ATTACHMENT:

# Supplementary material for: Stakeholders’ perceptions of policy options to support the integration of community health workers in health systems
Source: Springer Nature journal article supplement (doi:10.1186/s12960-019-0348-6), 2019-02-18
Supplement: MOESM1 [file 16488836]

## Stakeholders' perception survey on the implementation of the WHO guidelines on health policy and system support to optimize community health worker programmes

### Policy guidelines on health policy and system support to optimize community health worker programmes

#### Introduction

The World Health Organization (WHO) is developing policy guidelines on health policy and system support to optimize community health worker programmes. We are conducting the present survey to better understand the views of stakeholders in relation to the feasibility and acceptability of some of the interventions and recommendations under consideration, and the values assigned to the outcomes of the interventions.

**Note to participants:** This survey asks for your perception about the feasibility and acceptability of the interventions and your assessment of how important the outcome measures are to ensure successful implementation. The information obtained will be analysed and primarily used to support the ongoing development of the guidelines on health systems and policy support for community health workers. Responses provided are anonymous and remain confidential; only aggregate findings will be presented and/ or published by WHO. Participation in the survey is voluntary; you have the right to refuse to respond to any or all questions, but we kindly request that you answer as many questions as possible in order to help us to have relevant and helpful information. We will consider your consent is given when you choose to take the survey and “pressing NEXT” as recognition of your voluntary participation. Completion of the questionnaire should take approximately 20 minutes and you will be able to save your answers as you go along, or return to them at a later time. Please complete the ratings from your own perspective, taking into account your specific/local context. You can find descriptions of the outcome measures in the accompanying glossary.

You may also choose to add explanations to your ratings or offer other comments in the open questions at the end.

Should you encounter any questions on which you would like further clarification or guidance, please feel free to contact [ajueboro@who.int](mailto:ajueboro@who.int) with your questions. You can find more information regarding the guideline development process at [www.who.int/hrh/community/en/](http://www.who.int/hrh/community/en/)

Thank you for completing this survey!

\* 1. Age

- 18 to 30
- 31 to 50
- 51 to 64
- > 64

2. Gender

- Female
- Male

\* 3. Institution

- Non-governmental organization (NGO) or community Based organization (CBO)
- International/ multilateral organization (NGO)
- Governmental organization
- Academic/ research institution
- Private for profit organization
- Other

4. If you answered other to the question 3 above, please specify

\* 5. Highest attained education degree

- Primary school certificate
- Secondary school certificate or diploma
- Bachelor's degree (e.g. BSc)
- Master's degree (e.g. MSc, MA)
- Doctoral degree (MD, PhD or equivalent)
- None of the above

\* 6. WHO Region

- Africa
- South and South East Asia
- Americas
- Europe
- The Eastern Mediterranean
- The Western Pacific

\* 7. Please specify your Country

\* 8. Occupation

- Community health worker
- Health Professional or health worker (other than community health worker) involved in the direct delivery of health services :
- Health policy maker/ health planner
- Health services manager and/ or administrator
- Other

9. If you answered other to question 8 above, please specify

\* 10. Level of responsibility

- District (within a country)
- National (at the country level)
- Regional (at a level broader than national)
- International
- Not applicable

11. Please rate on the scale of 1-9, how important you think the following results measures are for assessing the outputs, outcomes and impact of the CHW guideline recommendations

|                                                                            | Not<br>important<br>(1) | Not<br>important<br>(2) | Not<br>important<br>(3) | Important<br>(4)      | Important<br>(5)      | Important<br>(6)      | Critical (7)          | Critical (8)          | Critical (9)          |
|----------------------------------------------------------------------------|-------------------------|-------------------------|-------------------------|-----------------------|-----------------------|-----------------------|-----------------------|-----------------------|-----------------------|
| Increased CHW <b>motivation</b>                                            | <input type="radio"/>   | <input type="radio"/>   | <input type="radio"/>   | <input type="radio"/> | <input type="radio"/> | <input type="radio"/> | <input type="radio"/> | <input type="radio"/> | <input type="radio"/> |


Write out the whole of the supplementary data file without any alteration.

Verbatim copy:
# Supplementary material for: Stakeholders’ perceptions of policy options to support the integration of community health workers in health systems
Source: Springer Nature journal article supplement (doi:10.1186/s12960-019-0348-6), 2019-02-18
Supplement: MOESM1 [file 16488836]

## Stakeholders' perception survey on the implementation of the WHO guidelines on health policy and system support to optimize community health worker programmes

### Policy guidelines on health policy and system support to optimize community health worker programmes

#### Introduction

The World Health Organization (WHO) is developing policy guidelines on health policy and system support to optimize community health worker programmes. We are conducting the present survey to better understand the views of stakeholders in relation to the feasibility and acceptability of some of the interventions and recommendations under consideration, and the values assigned to the outcomes of the interventions.

**Note to participants:** This survey asks for your perception about the feasibility and acceptability of the interventions and your assessment of how important the outcome measures are to ensure successful implementation. The information obtained will be analysed and primarily used to support the ongoing development of the guidelines on health systems and policy support for community health workers. Responses provided are anonymous and remain confidential; only aggregate findings will be presented and/ or published by WHO. Participation in the survey is voluntary; you have the right to refuse to respond to any or all questions, but we kindly request that you answer as many questions as possible in order to help us to have relevant and helpful information. We will consider your consent is given when you choose to take the survey and “pressing NEXT” as recognition of your voluntary participation. Completion of the questionnaire should take approximately 20 minutes and you will be able to save your answers as you go along, or return to them at a later time. Please complete the ratings from your own perspective, taking into account your specific/local context. You can find descriptions of the outcome measures in the accompanying glossary.

You may also choose to add explanations to your ratings or offer other comments in the open questions at the end.

Should you encounter any questions on which you would like further clarification or guidance, please feel free to contact [ajueboro@who.int](mailto:ajueboro@who.int) with your questions. You can find more information regarding the guideline development process at [www.who.int/hrh/community/en/](http://www.who.int/hrh/community/en/)

Thank you for completing this survey!

\* 1. Age

- 18 to 30
- 31 to 50
- 51 to 64
- > 64

2. Gender

- Female
- Male

\* 3. Institution

- Non-governmental organization (NGO) or community Based organization (CBO)
- International/ multilateral organization (NGO)
- Governmental organization
- Academic/ research institution
- Private for profit organization
- Other

4. If you answered other to the question 3 above, please specify

\* 5. Highest attained education degree

- Primary school certificate
- Secondary school certificate or diploma
- Bachelor's degree (e.g. BSc)
- Master's degree (e.g. MSc, MA)
- Doctoral degree (MD, PhD or equivalent)
- None of the above

\* 6. WHO Region

- Africa
- South and South East Asia
- Americas
- Europe
- The Eastern Mediterranean
- The Western Pacific

\* 7. Please specify your Country

\* 8. Occupation

- Community health worker
- Health Professional or health worker (other than community health worker) involved in the direct delivery of health services :
- Health policy maker/ health planner
- Health services manager and/ or administrator
- Other

9. If you answered other to question 8 above, please specify

\* 10. Level of responsibility

- District (within a country)
- National (at the country level)
- Regional (at a level broader than national)
- International
- Not applicable

11. Please rate on the scale of 1-9, how important you think the following results measures are for assessing the outputs, outcomes and impact of the CHW guideline recommendations

|                                                                            | Not<br>important<br>(1) | Not<br>important<br>(2) | Not<br>important<br>(3) | Important<br>(4)      | Important<br>(5)      | Important<br>(6)      | Critical (7)          | Critical (8)          | Critical (9)          |
|----------------------------------------------------------------------------|-------------------------|-------------------------|-------------------------|-----------------------|-----------------------|-----------------------|-----------------------|-----------------------|-----------------------|
| Increased CHW <b>motivation</b>                                            | <input type="radio"/>   | <input type="radio"/>   | <input type="radio"/>   | <input type="radio"/> | <input type="radio"/> | <input type="radio"/> | <input type="radio"/> | <input type="radio"/> | <input type="radio"/> |